The Senate on Tuesday approved a bill to vastly expand health care resources and disability benefits for combat veterans exposed to toxic burn pits while serving overseas, dissipating the heartache and fury that erupted less than a week ago after the original legislation was stalled by a clump of backpedaling Republican senators.
Grown men were crying and hugging each other in the hallways of the Capitol building, according to a Bloomberg reporter. Known as the Honoring Our PACT Act, the bill will now go to President Joe Biden's desk for a signature. The Senate's final vote tallied at 86-11, rocketing past the 60-vote minimum needed to pass in the chamber.
The passage of the act comes after days of intense campaigning from more than 60 veterans groups, many of whom camped out on the Capitol steps in defiance of Washington's thunderstorms and humidity. Dozens of them filed into the Senate's galleries to watch the vote on Tuesday evening.
"You can go home knowing the good and great thing you have done and accomplished for the United States of America," Senate Majority Leader Chuck Schumer told them after the vote, according to the Associated Press.
Present in the chamber alongside the veterans was comedian Jon Stewart, a longtime advocate for veterans' rights, who sat in the Senate chamber galleries alongside a few dozen veterans on Tuesday evening. Visibly emotional, Stewart put his head in his hand and began to cry as the vote began.
"I'm not sure I've ever seen a situation where people who have already given so much had to fight so hard to get so little," Stewart told reporters after the vote. "And I hope we learn a lesson."
Stewart was one of many who ripped into the 25 Republicans who reneged on their support for the original bill, which had passed in the Senate by a bipartisan 84-14 back in June. But it had to be sent back to the House for some minor technical alterations, and by the time it arrived back at the Senate last week, more than two dozen "yes" votes had abruptly changed their minds.
Outside the Capitol last Thursday, Stewart erupted: "I'm used to the lies. I'm used to the hypocrisy, I'm used to the cowardice, I'm used to all of it, but I am not used to the cruelty."
Returning to D.C. on Monday, the comedian reiterated his stance. "This is the lowest hanging fruit of a functioning society. Like, if we can't do this, the rest of us have no shot," he told reporters. "This is the canary in the coal mine."
He wasn't the only one who didn't mince words after the bill was seemingly kneecapped. Sen. Jon Tester (D-MT), the chairman of the Veteran Affairs Committee, also voiced his frustration last week, taking to Twitter to call the move "an eleventh-hour act of cowardice." Sen. Kirsten Gillibrand was similarly incensed. "This is total bullshit," she said at a press conference outside the Capitol. "... We had the votes."
Sen. Pat Toomey (R-PA) led the turncoat charge, rallying conservative votes to his side to seek an amendment to the bill that would provide a budgeting provision on the $280 billion package, apparently worried that the funds would be doled out by Democrats on "completely unrelated programs."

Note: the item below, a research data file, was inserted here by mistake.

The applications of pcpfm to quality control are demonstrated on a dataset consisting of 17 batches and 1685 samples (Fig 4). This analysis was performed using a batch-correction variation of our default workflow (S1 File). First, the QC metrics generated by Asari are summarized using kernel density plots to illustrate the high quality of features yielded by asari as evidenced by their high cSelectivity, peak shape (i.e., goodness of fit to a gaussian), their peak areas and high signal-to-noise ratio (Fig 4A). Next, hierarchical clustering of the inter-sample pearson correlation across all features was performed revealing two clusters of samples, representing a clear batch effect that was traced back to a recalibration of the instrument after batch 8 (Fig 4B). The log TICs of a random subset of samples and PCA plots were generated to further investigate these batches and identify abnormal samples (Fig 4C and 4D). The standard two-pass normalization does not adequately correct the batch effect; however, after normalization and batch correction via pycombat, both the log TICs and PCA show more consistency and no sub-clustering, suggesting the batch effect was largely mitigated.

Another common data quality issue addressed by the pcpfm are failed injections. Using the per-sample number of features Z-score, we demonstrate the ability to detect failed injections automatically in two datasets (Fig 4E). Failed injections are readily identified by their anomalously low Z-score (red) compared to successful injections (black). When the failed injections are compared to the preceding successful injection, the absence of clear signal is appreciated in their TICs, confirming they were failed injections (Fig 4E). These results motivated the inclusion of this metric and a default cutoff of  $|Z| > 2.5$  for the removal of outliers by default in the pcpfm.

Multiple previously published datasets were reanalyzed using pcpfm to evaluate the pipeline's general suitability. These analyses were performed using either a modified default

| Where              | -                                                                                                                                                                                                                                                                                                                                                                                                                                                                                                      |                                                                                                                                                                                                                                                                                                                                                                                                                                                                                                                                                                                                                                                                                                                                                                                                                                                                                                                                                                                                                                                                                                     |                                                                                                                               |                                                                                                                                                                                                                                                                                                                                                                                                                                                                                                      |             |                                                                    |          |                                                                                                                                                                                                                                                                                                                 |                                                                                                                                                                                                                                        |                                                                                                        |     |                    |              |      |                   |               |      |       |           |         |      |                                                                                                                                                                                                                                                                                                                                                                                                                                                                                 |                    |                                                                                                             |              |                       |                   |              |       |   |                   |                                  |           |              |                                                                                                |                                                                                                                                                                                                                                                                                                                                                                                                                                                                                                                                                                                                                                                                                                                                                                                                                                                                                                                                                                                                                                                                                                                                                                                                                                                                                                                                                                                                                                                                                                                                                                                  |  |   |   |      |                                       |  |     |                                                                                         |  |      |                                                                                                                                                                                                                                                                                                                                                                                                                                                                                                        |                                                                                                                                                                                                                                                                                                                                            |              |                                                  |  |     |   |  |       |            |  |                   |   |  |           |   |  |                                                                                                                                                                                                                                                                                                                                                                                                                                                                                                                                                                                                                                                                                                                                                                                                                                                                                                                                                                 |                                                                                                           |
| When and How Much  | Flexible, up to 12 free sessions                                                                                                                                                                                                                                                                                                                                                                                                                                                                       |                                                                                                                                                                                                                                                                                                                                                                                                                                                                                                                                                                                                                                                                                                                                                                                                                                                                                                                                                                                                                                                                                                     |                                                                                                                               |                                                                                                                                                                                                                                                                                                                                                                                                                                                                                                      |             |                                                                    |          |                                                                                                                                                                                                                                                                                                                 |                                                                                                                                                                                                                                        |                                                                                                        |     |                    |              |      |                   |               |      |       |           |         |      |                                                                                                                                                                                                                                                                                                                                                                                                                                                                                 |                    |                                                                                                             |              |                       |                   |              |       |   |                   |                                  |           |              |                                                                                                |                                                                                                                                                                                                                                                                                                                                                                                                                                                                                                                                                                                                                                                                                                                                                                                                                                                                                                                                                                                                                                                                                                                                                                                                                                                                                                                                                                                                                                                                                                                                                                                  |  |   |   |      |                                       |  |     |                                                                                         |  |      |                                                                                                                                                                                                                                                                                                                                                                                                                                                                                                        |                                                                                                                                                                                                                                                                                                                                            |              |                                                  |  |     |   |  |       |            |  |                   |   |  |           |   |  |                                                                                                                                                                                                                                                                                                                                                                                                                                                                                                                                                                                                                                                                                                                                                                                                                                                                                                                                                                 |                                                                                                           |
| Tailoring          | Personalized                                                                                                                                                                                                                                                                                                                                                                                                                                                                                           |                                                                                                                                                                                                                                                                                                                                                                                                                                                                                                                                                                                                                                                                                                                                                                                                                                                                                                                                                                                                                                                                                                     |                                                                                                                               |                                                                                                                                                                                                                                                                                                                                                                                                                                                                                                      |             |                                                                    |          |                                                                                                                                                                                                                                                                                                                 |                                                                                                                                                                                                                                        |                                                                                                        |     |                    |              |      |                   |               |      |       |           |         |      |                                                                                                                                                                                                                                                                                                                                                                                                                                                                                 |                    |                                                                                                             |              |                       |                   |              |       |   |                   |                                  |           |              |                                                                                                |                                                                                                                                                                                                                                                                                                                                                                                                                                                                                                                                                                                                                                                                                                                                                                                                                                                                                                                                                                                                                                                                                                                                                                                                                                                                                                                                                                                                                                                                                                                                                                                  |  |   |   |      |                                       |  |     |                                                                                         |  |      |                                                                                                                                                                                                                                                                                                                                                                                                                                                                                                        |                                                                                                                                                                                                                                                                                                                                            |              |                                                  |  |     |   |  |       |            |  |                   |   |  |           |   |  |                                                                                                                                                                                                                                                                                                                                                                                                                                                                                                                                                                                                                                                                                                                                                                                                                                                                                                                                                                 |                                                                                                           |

"I'm supposed to trust this and future congresses not to go on a spending spree? Seriously? That's unbelievable," Toomey said, according to NBC. "Why did they design this feature so that they could go on a spending spree?"
Democrats were swift to decry the blockage, saying it made little sense to protest sound legislation. "This is a bill that will work for this country, that will work for the taxpayers of this country and it will work, most importantly, for the veterans and their families," Tester said.
By Tuesday afternoon, Schumer announced from the Senate floor that he and Minority Leader Mitch McConnell had "come to an agreement to vote on the PACT Act this evening." McConnell vaguely hand-waved away the Republican reversal in a weekly news conference, telling reporters that "these things happen all the time with the legislative process."
Toomey's amendment failed several hours after Schumer's announcement, with a final vote of 47-48. Two other Republican amendments on the bill also failed, including one led by Sen. Rand Paul (R-KY) concerning limitations on foreign aid that failed 90-7.
The PACT Act is expected to expand medical care access to roughly 3.5 million people, including millions of sick veterans who served near burn pits, used by the military for toxic waste disposal in Afghanistan and Iraq. For the first time, they'll be able to obtain disability payments without having to jump through hoops to prove their illnesses stem from their time overseas, according to the AP. Veterans Affairs currently rejects roughly seven in 10 claims related to chemical exposure and cancer, studies have shown.
Hundreds of thousands of ailing veterans who served in Vietnam, as well as tens of thousands who served in places like Thailand, Cambodia, and Laos will also be able to claim increased disability benefits associated with exposure to the herbicide Agent Orange.
President Biden is expected to sign the bill quickly, having championed it in recent months. During a March visit to Texas, the president brought up soberly that his son, Beau Biden, was killed by a brain cancer that developed after his service in Baghdad.
"We're following the science in every case, but we're also not going to force veterans to suffer in limbo for decades," Biden said in Texas, according to The Washington Post.
The bill "should have never been held up," Sen. Amy Klobuchar (D-MN) tweeted after the vote. "This was always the right thing to do."
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